>Globe & Mail (Toronto) article forwarded by Marcel Fortin of
>University of Toronto.
If anyone is interested in the reaction from the mapping community in
Canada to this plan I can send material off-list.
>Ottawa plots making maps without paper
>Plan to produce them on Internet leaves retailers,
>librarians feeling lost
>By DAWN WALTON
>Tuesday, October 4, 2005 Posted at 5:59 AM EDT
>From Tuesday's Globe and Mail
>CALGARY - One of the first projects the fledging
>Canadian government undertook after Confederation --
>printing and storing topographic maps of the country --
>may become the victim of cost-cutting, a possibility
>that has prompted howls of outrage from map librarians
>The government isn't preparing to get out of the
>cartography business entirely, but it plans to put its
>topographic map data on the Internet where companies
>and individuals would be able to access the
>information, either free or for a fee, and then print
>it or pay a professional printer to do it.
>"We're really at risk of losing a real national
>treasure," warns Brad Green, president of World of Maps
>Inc., in Ottawa.
>"I hope it's not an irreversible decision. Some people
>will accept this is the digital age and they will roll
>over," he said.
>But not Mr. Green. He is spearheading a letter-writing
>campaign to persuade the bureaucrats to change their
>minds about topographic maps. (Nautical maps, produced
>by the Department of Fisheries and Oceans, are not
>affected by the change.)
>Is the digital revolution making old-fashioned paper
>maps obsolete or is this just another Luddite-style
>worry among the kind of folk who also think computers
>are preventing children from learning how to print?
>John Dawson, acting director of Natural Resources
>Canada's Centre for Topographic Information, figures
>that people are upset about the proposal because it is
>the latest in a series of changes to the map-making
>business that depart from the philosophy of the
>original craftsmen who treated cartography and map
>reading as an art.
>But Mr. Dawson says the change is also about the bottom
>line. "Is there a better way to do this business? We
>know there is a better way."
>About 1.5 million maps are now in storage.
>But Ottawa plans to close the map warehouse, which
>costs $191,000 a year, in January, 2007, when the lease
>expires. The government is trying to find a way to
>better use that money and the warehouse space, Mr.
>Dawson said. Ottawa is also trying to figure out what
>it will do with all those maps.
>It may also get out of the business of printing
>topographic maps. To make printing economical, there is
>a press run of at least 1,000 copies of each map sheet.
>The government can also print small orders by "plotting
>The Natural Resources Department is supposed to
>maintain the business on a break-even basis. But now it
>wants to reallocate its funding to focus on data
>collection and update its maps as they are placed on
>the Internet, Mr. Dawson said.
>He said topographic distribution has been sliding over
>the past few years as people have moved to digital
>files or sought out more up-to-date maps. In the fiscal
>year that ended March 31, 2003, Canada distributed
>about 330,000 topographic maps. Over the next year,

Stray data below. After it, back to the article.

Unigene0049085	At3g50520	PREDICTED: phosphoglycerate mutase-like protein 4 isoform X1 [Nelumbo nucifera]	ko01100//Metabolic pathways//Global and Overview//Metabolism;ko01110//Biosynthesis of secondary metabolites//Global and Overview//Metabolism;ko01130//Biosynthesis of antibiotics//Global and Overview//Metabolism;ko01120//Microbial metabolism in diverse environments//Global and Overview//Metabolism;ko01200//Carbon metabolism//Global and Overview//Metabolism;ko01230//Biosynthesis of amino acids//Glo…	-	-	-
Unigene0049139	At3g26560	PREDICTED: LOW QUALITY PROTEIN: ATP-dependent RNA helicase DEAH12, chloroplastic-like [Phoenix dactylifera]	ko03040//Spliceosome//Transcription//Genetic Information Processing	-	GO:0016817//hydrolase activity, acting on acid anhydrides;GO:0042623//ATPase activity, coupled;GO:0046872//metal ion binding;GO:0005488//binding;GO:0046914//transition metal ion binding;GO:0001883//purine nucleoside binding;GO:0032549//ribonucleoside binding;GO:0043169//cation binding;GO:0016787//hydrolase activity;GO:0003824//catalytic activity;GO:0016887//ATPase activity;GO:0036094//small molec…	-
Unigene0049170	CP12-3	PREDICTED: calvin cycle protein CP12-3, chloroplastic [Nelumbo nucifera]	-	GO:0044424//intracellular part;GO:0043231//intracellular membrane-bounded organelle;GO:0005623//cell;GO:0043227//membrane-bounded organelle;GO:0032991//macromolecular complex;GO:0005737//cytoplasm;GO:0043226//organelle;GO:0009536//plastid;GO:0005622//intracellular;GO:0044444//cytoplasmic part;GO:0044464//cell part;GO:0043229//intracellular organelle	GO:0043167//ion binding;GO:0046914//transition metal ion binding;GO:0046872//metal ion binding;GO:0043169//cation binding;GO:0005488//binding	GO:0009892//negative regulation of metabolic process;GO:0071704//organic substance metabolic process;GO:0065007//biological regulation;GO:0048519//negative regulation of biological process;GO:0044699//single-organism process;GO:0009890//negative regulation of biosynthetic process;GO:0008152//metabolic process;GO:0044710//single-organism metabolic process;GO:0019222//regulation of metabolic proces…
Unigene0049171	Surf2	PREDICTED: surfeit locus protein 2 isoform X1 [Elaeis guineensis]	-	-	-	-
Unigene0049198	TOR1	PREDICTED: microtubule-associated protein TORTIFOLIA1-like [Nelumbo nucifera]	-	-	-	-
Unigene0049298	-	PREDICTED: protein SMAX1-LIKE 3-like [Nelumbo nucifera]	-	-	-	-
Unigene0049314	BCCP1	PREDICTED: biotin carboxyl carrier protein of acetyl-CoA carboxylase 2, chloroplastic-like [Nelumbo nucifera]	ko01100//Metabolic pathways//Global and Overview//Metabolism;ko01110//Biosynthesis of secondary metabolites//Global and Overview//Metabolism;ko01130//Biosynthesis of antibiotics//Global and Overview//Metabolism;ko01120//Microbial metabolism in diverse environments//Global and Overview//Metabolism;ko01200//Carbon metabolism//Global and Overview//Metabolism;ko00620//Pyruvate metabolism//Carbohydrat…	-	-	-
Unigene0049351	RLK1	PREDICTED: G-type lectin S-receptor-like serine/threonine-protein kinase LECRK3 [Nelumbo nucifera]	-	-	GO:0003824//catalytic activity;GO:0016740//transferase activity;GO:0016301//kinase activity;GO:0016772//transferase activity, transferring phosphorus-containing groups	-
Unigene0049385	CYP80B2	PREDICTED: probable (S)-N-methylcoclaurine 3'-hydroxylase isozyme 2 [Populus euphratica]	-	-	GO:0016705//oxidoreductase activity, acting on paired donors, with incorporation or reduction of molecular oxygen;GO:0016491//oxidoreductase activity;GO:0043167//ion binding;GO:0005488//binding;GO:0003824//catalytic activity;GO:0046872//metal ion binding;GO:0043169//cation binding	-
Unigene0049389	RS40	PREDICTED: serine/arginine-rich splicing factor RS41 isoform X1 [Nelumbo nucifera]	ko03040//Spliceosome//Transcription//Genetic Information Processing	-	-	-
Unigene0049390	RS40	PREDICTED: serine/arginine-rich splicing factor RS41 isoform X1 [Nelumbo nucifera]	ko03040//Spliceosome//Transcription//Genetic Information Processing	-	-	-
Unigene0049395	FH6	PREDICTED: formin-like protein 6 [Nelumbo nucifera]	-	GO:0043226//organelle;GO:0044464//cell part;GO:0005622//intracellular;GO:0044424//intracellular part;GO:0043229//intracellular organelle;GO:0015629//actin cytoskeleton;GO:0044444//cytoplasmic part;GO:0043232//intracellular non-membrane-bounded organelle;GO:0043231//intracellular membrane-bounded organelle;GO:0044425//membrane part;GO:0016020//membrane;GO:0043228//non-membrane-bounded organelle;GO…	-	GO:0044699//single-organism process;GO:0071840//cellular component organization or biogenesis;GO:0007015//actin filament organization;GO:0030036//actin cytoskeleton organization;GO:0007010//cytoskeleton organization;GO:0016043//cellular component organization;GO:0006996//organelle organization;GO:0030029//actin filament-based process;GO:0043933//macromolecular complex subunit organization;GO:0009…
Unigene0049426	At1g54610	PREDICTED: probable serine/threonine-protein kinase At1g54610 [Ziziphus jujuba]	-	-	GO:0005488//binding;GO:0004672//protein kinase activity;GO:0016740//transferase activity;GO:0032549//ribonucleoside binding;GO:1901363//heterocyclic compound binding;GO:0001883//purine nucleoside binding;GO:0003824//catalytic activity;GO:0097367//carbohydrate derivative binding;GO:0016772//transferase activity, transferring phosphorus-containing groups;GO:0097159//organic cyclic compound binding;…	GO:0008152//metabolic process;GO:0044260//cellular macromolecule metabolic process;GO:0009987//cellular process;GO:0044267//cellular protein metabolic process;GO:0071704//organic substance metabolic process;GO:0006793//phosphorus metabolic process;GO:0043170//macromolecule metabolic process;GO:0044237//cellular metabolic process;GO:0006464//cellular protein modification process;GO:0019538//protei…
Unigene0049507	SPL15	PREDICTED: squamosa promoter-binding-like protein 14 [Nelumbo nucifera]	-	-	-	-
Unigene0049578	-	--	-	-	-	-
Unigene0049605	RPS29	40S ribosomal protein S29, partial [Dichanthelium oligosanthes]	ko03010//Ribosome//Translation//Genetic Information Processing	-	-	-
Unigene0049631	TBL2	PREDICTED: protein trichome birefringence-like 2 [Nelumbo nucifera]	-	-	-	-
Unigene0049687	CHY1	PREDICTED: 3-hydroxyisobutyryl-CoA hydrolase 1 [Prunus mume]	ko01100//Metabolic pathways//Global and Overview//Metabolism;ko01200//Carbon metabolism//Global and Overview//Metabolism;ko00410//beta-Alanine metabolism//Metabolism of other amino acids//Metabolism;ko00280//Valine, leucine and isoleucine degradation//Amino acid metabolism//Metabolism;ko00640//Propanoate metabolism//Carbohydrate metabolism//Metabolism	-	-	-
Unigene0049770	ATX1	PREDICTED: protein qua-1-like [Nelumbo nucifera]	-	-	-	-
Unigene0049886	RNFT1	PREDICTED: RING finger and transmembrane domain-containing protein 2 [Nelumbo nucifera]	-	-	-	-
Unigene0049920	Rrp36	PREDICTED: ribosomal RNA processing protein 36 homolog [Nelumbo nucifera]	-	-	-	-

>that dropped to 261,000 and in the most recent year,
>only 2,008 maps left the warehouse, he said. Some
>people worry that without a warehouse of ready-made
>maps, emergency services would not be able to react
>quickly to natural disasters such as ice storms, floods
>and earthquakes. But Mr. Dawson said Ottawa could
>quickly plot and print maps in times of disaster.
>Others say paper maps are valuable tools to teach
>students about Canada's cartographic and geographic
>Mr. Green's World of Maps store is one of the country's
>11 regional distribution centres, which sell
>government-produced maps to the public and retailers.
>He worries that if those maps go digital, the private
>sector will be left to produce poor-quality maps at
>unregulated prices. Government maps sell at a suggested
>retail price of $11.45.
>Donna Nelson, co-owner of Gem Trek Publishing in
>Cochrane, Alta., just west of Calgary, understands the
>issues of cost. Her company designs topographic maps of
>popular recreational areas in Alberta and British
>Columbia, but it contracts out the printing, at press
>runs of about 3,000, to keep the business financially
>There's no reason, she said, that another commercial
>printer would not step in if Ottawa changed the way it
>delivers map information. "Historically, their role is
>to make the data available to the public," Ms. Nelson
>said, "but not necessarily in the printed form."
>A similar proposal by the U.S. government in 1990 to
>stop producing paper maps was met with "gasps of horror
>and stunned silence" from map librarians at a meeting
>in Washington, according to April Carlucci, who was
>then assistant chief of the map division at the New
>York Public Library.
>When the U.S. government maps arrived in digital
>format, she recalled, librarians didn't know what to do
>with them and didn't have the equipment to display them.
>Now, 15 years later, U.S. officials have started
>consulting map librarians about what they need in terms
>of government maps. The first response at a recent
>meeting ("I like paper!") received a round of applause,
>according to Ms. Carlucci, now cataloguing manager and
>curator of modern maps with the British Library.
>That, she said, was a "development of major importance"
>in the bid to see the return of U.S. government paper maps.
>GIS and Map Librarian, University of Toronto
>130 St. George Street, Toronto, ON M5S 1A5
>ph. 416.978.1958 fax 416.946.0522